Chromosome translocation frequency and intakes of B vitamins, meat, and grain products in airline pilots.
Proceedings of the American Association for Cancer Research (AACR) 101st Annual Meeting, April 17-21, 2010, Washington, DC. Abstract 2812. Philadelphia, PA: American Association for Cancer Research, 2010 Apr; 51:1
B vitamins such as folate and vitamins B2, B6, and B12 are essential for the maintenance of DNA integrity. Deficiency in these B vitamins can result in DNA strand breaks which, if unrepaired, can lead to the formation of chromosome aberrations (CA). Niacin also contributes to chromosome stability due to several important roles, including DNA repair and regulation of cell division and apoptosis. Animal and in vitro studies suggest that these B vitamins may protect against chromosome damage induced by ionizing radiation (IR), but data from IR-exposed human populations are limited. Airline pilots are exposed to cosmic IR, an efficient inducer of CA which have been shown to be associated with increased cancer risk. We examined the association between the frequency of translocations (stable form of CA) and intakes of these B vitamins and their food sources in 82 male airline pilots. All subjects completed a self-administered questionnaire with information on occupational history and lifestyle factors. Dietary vitamin B intakes were estimated using a validated semiquantitative food-frequency questionnaire and were energy-adjusted. Translocations were scored in an average of 1039 cell equivalents (CE) per subject using fluorescence in situ hybridization with whole chromosome paints, and expressed per 100 CE. Negative binomial regression was used to estimate rate ratios (RR) and 95% confidence intervals (CI), adjusted for age, flight experience in years, self-reported personal diagnostic X-ray procedures, military service, and lifestyle factors. We observed a significant inverse association between the frequency of translocations and intake of niacin from food: adjusted RR (95% CI) for subjects in the highest compared with lowest tertile was 0.58 (0.40, 0.83). Translocation frequency was not associated with total niacin intake from food and supplements, nor was it associated with intakes of folate, or vitamin B2, B6, or B12 either from food or from food and supplements. These results remained unchanged after further adjustment for the combined intakes of vitamins C and E, ß-carotene, ß-cryptoxanthin, and lutein-zeaxanthin from food (previously shown to be significantly and inversely associated with translocation frequency), or multivitamin supplement use. Additionally, the adjusted RR (95% CI) for = median compared with < median intake of whole grains (median 7.5 servings/week) was 0.69 (0.50, 0.96) and of red and processed meat (median 14.5 servings/week) was 1.56 (1.13, 2.16). Significant inverse associations were also previously observed for high intakes of vitamin C-rich fruit and vegetables, citrus fruit, and green leafy vegetables which are food sources of B vitamins, especially folate. Our data suggest that a high intake of niacin from food or a diet high in whole grains as well as fruits and vegetables but low in red and processed meat may protect against IR-induced chromosome damage.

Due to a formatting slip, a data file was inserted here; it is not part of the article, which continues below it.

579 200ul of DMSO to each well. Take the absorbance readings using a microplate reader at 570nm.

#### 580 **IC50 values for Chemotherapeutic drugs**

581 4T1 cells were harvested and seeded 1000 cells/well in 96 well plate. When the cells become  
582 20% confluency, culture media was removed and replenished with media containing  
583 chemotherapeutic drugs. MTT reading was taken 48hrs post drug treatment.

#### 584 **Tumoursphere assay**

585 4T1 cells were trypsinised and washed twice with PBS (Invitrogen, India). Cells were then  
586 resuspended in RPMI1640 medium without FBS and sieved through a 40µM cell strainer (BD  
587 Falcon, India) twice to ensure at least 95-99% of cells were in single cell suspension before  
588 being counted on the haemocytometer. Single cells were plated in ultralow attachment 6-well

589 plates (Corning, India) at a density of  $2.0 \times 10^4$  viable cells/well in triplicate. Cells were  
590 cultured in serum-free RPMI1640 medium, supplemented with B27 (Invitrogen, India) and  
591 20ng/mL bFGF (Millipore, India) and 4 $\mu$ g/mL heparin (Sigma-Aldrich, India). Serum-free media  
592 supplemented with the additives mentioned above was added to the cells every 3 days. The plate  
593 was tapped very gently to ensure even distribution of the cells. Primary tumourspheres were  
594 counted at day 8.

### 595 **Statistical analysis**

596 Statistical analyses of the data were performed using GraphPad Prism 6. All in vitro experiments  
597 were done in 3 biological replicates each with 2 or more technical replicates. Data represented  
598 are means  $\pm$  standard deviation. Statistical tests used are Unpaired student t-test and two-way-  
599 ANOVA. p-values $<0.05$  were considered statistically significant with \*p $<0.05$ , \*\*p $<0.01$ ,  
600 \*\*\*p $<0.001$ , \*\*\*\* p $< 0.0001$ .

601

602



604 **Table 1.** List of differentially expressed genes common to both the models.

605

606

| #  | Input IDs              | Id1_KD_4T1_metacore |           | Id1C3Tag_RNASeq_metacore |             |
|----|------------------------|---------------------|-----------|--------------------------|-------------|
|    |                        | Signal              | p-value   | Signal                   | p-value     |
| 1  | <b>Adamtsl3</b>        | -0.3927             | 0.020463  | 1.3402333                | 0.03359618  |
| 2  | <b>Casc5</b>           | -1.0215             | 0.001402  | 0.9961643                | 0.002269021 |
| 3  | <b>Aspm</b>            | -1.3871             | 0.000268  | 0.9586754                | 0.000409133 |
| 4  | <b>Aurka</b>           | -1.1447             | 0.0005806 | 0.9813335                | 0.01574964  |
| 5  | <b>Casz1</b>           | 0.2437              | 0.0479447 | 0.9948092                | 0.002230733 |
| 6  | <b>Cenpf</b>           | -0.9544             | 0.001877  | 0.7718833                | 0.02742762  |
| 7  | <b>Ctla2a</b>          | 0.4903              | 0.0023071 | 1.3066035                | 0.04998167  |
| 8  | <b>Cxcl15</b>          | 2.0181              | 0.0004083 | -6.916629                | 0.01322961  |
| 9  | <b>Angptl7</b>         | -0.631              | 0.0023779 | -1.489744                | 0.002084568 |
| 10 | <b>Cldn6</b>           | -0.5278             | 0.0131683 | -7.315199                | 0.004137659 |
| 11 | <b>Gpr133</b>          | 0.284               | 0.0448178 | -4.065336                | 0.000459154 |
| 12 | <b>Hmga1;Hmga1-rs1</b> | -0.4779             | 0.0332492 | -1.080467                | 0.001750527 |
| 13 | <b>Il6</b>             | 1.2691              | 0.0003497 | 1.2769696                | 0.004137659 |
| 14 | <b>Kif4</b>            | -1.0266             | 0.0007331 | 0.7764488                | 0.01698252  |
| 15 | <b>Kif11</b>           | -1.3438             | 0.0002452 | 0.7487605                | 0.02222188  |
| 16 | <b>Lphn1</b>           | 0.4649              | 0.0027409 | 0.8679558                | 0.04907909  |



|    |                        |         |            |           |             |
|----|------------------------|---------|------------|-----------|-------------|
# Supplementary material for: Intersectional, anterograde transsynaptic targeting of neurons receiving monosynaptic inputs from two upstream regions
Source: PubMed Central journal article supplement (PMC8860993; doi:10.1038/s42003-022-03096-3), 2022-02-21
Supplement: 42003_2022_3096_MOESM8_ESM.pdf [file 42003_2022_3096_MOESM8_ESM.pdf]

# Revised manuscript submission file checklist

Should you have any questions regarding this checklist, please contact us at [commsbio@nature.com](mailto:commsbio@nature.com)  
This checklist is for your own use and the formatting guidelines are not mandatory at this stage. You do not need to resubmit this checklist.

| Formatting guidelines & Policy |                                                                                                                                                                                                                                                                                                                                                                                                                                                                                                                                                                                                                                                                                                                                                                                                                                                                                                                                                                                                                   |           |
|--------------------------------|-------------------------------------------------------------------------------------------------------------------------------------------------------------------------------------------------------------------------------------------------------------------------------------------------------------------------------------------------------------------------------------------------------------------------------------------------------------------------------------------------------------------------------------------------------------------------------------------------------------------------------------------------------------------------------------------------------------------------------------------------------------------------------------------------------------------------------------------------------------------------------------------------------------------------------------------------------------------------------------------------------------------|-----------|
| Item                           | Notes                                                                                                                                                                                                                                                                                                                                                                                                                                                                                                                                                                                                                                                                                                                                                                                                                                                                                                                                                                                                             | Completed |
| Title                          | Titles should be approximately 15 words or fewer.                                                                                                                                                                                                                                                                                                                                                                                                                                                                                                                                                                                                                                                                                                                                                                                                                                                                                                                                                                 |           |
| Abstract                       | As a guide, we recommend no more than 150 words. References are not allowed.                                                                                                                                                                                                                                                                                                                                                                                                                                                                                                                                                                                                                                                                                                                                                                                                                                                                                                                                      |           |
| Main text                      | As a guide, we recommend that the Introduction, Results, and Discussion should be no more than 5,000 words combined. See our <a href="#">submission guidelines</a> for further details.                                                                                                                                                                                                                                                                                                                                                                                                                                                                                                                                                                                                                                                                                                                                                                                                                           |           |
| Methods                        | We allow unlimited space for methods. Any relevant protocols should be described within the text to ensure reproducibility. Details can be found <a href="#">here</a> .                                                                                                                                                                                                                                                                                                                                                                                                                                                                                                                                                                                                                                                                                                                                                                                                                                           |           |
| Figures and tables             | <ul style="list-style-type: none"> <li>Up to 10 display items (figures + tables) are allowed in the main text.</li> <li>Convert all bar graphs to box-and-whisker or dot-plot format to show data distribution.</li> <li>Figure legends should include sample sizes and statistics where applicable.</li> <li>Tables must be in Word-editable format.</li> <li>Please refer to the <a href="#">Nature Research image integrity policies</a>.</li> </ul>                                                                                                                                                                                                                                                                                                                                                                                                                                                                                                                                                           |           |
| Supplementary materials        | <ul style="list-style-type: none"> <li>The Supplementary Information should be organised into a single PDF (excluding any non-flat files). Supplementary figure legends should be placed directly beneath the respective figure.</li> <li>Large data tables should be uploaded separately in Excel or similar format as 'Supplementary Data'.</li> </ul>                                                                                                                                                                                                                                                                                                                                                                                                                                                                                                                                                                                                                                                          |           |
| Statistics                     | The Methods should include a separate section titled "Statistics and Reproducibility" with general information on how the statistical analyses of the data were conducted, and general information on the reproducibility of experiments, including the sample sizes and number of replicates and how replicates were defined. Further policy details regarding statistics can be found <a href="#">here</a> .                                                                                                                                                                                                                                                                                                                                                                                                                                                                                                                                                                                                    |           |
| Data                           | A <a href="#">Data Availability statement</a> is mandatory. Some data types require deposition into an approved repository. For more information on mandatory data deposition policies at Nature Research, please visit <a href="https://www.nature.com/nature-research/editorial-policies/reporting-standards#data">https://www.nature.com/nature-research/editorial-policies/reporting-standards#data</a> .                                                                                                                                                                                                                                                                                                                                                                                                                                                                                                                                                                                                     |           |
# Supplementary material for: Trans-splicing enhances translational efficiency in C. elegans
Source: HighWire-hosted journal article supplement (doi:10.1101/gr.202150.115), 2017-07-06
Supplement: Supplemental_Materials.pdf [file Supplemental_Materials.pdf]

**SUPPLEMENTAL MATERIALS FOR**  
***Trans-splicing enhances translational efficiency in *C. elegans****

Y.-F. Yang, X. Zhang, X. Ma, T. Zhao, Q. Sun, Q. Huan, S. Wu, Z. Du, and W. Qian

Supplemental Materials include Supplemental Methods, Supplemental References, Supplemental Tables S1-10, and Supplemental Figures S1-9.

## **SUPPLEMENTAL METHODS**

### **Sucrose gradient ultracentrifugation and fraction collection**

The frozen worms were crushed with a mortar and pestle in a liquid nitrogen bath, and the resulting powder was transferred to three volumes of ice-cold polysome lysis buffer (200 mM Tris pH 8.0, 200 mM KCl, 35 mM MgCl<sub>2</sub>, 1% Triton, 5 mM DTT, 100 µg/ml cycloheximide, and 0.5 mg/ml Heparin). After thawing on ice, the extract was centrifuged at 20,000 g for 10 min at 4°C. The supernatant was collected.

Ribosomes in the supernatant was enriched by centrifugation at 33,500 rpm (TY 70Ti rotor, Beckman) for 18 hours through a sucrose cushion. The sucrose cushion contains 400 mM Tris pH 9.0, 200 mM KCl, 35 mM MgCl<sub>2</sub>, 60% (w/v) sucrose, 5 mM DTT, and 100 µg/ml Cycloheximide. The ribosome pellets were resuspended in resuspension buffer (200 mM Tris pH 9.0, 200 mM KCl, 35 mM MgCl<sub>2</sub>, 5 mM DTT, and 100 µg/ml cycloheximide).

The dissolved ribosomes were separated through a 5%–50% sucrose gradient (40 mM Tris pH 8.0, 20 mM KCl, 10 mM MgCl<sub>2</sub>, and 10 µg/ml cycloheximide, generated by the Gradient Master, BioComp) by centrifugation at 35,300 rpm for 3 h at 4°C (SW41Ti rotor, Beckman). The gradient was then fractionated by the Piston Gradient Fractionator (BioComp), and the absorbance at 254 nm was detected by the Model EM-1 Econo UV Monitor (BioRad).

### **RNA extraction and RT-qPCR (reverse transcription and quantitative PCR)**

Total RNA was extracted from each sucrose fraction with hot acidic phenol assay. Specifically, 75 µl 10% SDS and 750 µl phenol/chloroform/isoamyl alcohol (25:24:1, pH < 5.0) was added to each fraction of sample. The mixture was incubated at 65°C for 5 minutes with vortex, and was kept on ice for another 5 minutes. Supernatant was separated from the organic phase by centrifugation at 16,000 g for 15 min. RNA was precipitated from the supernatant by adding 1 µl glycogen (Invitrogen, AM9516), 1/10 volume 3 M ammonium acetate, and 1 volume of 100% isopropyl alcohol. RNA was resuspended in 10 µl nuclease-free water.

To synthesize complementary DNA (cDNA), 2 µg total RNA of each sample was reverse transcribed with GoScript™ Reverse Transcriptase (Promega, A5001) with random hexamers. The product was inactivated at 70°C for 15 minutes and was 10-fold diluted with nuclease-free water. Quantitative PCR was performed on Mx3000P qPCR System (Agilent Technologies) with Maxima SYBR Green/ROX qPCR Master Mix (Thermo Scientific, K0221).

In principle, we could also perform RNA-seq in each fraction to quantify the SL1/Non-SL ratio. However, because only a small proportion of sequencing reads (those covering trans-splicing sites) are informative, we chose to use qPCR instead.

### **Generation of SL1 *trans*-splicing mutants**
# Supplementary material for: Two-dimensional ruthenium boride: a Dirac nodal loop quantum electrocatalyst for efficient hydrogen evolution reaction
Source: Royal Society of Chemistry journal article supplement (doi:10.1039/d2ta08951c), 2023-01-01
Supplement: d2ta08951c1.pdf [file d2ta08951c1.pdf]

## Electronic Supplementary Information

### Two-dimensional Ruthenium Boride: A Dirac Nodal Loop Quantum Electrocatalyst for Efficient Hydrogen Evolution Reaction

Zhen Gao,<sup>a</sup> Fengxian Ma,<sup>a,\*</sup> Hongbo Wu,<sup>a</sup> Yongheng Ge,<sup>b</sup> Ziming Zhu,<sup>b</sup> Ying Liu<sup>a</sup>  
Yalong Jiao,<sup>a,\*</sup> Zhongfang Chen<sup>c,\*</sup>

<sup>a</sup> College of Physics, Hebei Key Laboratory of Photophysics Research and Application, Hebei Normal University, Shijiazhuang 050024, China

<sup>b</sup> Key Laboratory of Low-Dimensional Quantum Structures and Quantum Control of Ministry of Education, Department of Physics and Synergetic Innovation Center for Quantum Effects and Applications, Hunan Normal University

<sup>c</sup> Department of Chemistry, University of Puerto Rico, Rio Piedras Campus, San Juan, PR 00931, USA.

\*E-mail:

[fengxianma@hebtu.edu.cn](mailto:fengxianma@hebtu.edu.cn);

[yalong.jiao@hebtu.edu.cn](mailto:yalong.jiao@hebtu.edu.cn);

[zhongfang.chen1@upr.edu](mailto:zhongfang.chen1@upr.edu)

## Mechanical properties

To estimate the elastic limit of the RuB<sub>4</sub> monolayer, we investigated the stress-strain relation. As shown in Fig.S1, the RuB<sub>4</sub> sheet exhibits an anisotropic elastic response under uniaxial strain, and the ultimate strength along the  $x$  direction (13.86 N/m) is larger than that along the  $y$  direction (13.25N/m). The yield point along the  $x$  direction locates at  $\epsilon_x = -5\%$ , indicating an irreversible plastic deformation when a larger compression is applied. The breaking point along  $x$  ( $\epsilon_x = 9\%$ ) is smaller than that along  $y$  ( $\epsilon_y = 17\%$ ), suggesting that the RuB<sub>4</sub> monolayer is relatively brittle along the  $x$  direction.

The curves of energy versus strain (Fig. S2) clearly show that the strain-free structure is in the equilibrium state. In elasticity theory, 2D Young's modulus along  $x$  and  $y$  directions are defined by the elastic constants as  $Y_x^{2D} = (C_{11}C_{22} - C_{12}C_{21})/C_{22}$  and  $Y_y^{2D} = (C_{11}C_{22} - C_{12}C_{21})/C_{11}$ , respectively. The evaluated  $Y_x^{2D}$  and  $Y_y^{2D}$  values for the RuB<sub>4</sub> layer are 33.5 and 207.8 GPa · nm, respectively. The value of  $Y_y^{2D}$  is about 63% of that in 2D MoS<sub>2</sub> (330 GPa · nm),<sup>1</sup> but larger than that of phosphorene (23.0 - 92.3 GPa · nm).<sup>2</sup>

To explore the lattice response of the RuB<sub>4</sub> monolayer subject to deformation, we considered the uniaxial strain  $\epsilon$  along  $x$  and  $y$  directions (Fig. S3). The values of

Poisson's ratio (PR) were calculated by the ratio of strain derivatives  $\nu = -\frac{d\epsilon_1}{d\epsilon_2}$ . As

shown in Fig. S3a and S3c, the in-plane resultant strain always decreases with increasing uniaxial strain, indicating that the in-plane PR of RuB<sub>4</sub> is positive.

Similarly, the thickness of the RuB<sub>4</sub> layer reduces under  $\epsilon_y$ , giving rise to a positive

Proceedings of the American Association for Cancer Research (AACR) 101st Annual Meeting, April 17-21, 2010, Washington, DC